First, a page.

Doctor Who: Resurrection of the Daleks
(2 episodes, s21e11-e12, 1984)

 

This story gets dark fast and leaves a lot of room to think in the end.

In a disused modern day alley, several men in anachronistic costumes run from police officers and their machine pistols. When the runners (and one innocent bystander) are shot down, they are transmatted to a nearby starship. There are two survivors as the execution squad beams away, and they return to the warehouse to warn others only to find that the time corridor has been closed. They are spooked by a remaining executioner who kills one, but the other (a man named Stien) escapes. The executioner returns to the starship and the crew sets course for a nearby prison station, assuming an attack posture.

Meanwhile, the TARDIS has been careening out of control through a time corridor since the end of Frontios. The danger of destruction is quite real (so says the Cloister Bell), but in moments the time capsule stabilizes and materializes near the murder alley. The travelers set out in search of the time corridor they detected, but instead, they find Stien. They investigate the warehouse, lose Turlough under mysterious circumstances, and find a military bomb disposal squad.

All things considered, can we call the exchange even? I guess not.

The battlecruiser arrives at the prison station and the latter is no match for the starship’s might. The station is invaded by Daleks who make short work of the defending humans, but they are driven back by surprise mines in the corridors. The invading humans flood the airlock with gas and drive the prison staff back, and an attempt to destroy the prisoner the Daleks seek fails. We also find out that Turlough has transmatted to the Dalek ship.

The prisoner of interest is Davros. As the prison crew works to destroy him, they are overcome by the face-melting side effects of the gas and a human raiding party. Back on Earth, the Doctor and the military compare notes before being confronted by a Dalek who traveled through the time corridor. Tegan is injured, and the Doctor advises to shoot for the eyestalk and after the Dalek is blinded, the soldiers toss it out a second-floor window and watch it explode. At this point, the Daleks know that the Doctor is on the battlefield.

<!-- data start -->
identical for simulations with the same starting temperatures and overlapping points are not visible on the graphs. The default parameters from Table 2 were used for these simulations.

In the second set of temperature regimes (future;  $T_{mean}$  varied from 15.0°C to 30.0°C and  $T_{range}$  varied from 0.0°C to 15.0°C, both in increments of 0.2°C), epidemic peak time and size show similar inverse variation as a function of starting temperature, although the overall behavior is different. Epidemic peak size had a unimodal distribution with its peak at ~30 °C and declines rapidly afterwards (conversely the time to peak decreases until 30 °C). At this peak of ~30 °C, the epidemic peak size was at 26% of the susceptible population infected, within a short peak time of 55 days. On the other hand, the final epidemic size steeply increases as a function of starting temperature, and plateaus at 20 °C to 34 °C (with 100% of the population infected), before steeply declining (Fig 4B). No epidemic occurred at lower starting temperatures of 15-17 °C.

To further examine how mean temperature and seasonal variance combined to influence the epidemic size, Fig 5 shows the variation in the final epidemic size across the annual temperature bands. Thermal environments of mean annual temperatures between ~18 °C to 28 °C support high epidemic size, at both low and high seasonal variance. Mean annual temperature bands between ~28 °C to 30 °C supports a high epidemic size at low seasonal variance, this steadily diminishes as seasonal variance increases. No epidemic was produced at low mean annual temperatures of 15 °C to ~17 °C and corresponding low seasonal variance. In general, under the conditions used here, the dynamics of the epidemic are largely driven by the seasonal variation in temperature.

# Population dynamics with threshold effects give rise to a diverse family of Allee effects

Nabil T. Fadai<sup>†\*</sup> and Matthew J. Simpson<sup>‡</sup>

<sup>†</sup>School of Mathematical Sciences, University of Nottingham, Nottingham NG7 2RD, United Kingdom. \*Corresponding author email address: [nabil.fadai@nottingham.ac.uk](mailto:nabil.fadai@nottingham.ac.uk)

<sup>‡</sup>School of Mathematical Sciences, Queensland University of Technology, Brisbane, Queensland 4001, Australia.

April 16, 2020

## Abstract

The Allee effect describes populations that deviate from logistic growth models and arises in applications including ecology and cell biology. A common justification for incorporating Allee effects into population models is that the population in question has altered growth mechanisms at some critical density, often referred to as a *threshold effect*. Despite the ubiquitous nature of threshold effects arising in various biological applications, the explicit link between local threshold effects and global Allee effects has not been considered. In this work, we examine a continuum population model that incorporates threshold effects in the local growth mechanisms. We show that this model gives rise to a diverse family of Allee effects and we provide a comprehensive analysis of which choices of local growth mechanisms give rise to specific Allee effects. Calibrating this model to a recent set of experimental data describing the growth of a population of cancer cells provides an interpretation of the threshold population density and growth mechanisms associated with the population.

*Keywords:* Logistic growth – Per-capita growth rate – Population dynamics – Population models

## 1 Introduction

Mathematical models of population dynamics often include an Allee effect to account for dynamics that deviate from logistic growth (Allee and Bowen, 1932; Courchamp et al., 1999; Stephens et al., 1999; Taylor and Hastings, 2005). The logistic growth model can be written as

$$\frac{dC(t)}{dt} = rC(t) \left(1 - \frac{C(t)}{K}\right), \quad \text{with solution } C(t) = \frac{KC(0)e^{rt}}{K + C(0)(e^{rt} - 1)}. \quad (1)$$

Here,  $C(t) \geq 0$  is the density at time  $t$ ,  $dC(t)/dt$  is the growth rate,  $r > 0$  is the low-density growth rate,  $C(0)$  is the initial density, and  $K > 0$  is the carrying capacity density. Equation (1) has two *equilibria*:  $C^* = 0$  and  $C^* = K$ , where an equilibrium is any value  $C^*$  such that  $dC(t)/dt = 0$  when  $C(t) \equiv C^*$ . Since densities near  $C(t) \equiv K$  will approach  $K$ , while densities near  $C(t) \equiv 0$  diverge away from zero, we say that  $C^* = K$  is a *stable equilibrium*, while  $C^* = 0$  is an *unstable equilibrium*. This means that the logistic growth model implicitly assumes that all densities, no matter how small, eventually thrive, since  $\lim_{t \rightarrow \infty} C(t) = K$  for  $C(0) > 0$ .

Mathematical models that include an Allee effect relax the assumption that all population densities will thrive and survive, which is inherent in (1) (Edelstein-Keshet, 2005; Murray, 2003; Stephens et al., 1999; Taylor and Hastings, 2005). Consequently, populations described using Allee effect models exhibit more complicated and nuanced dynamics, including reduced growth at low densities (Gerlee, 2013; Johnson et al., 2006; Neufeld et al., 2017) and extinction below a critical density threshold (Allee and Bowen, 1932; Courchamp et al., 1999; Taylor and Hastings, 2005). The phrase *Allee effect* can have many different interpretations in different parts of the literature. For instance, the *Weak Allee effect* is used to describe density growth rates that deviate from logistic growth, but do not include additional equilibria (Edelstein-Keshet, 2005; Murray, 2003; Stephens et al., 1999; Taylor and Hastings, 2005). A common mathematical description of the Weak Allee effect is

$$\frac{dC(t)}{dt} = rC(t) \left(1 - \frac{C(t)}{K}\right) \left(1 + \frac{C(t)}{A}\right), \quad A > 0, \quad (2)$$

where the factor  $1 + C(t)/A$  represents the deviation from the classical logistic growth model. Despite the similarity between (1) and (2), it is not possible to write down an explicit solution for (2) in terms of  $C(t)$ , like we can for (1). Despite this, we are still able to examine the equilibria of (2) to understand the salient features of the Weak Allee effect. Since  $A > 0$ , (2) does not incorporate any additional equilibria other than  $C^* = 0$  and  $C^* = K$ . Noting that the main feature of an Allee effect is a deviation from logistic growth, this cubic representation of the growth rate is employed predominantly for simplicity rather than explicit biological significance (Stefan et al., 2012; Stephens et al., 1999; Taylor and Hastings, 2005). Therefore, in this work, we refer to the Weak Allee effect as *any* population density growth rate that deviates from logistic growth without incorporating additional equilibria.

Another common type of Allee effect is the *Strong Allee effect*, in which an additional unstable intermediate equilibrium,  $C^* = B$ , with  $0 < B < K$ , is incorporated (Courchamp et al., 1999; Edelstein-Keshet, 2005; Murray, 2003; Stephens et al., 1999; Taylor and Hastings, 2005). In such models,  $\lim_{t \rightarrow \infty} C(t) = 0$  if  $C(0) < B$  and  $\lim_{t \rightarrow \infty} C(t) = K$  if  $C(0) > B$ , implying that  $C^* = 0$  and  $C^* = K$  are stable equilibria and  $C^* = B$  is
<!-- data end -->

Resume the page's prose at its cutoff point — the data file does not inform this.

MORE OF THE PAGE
Four human survivors prowl the passageways of the prison station in an attempt to mount a resistance, possibly by way of the station’s self-destruct sequence. Meanwhile, Turlough finds the chamber housing the corpses from the story’s prologue and nearly loses his lunch, the Doctor cleans up the Dalek in the alley, and the invaders revive Davros at his prison cell. Davros is incensed to learn that the Movellan-Dalek war did not go well for his children and that the Daleks now rely on human allies to survive. The Movellans developed a virus to attack the Daleks, forcing the Daleks to seek Davros and develop a cure.

On Earth, the soldier watching the Dalek remains doesn’t notice movement under the pieces and parts and only realizes his mistake when the Kaled mutant strangles him. The hunt is on for the murderous wayward blob, which is further complicated by the arrival of an execution squad. On the ship, the Daleks find Turlough skulking, recognize him as the Doctor’s companion, and allow him to roam to use him as bait. Soon after, he passes several stealth checks (good DEX score?) and ends up on the prison station, but is soon intercepted by the resistance survivors.

Those Dalek-inspired helmets for the human invaders are something else.

The Doctor’s team hunt for the Kaled mutant, finding a stray cat before locating the alien and gunning it down after it takes a chunk out of another soldier.

(And, yes, the Doctor is using a gun again so we can put down that old myth. TV Tropes has done some pretty good work on that already. Let’s just say that the Doctor doesn’t use guns often and call it good.)

The Doctor and Stien head back to the TARDIS to investigate the time corridor as the soldier who was bitten by the Kaled goes bonkers. The search for the infected goes south when three Daleks appear in the warehouse and, with help from the execution squad, take everyone hostage. The TARDIS materializes on the Dalek ship, and Stien double-crosses the Doctor. The Daleks move in for the kill, but the Supreme Dalek puts that to a halt. Apparently, the Doctor and his companions are to be cloned (on a bed of bubble wrap nonetheless) and used as an assassin against the Time Lord High Council.

The resistance team finds the self-destruct mechanism and begins working on it. To avoid becoming a martyr, Turlough suggests using the time corridor to escape the blast. Turlough joins resistance member Lieutenant Mercer to scout the path out, but the way to the time corridor is swarming with Daleks, and when they return to the self-destruct chamber they find it under siege. Turlough deduces that Davros is still on the station. He’s right, of course, and the Dalek leader is slowly building an army of humans and Daleks using a mind-control device. The resistance team in the chamber is destroyed and Davros begins an analysis of the virus which has been stored in the warehouse all this time (and explains the location’s importance in the story).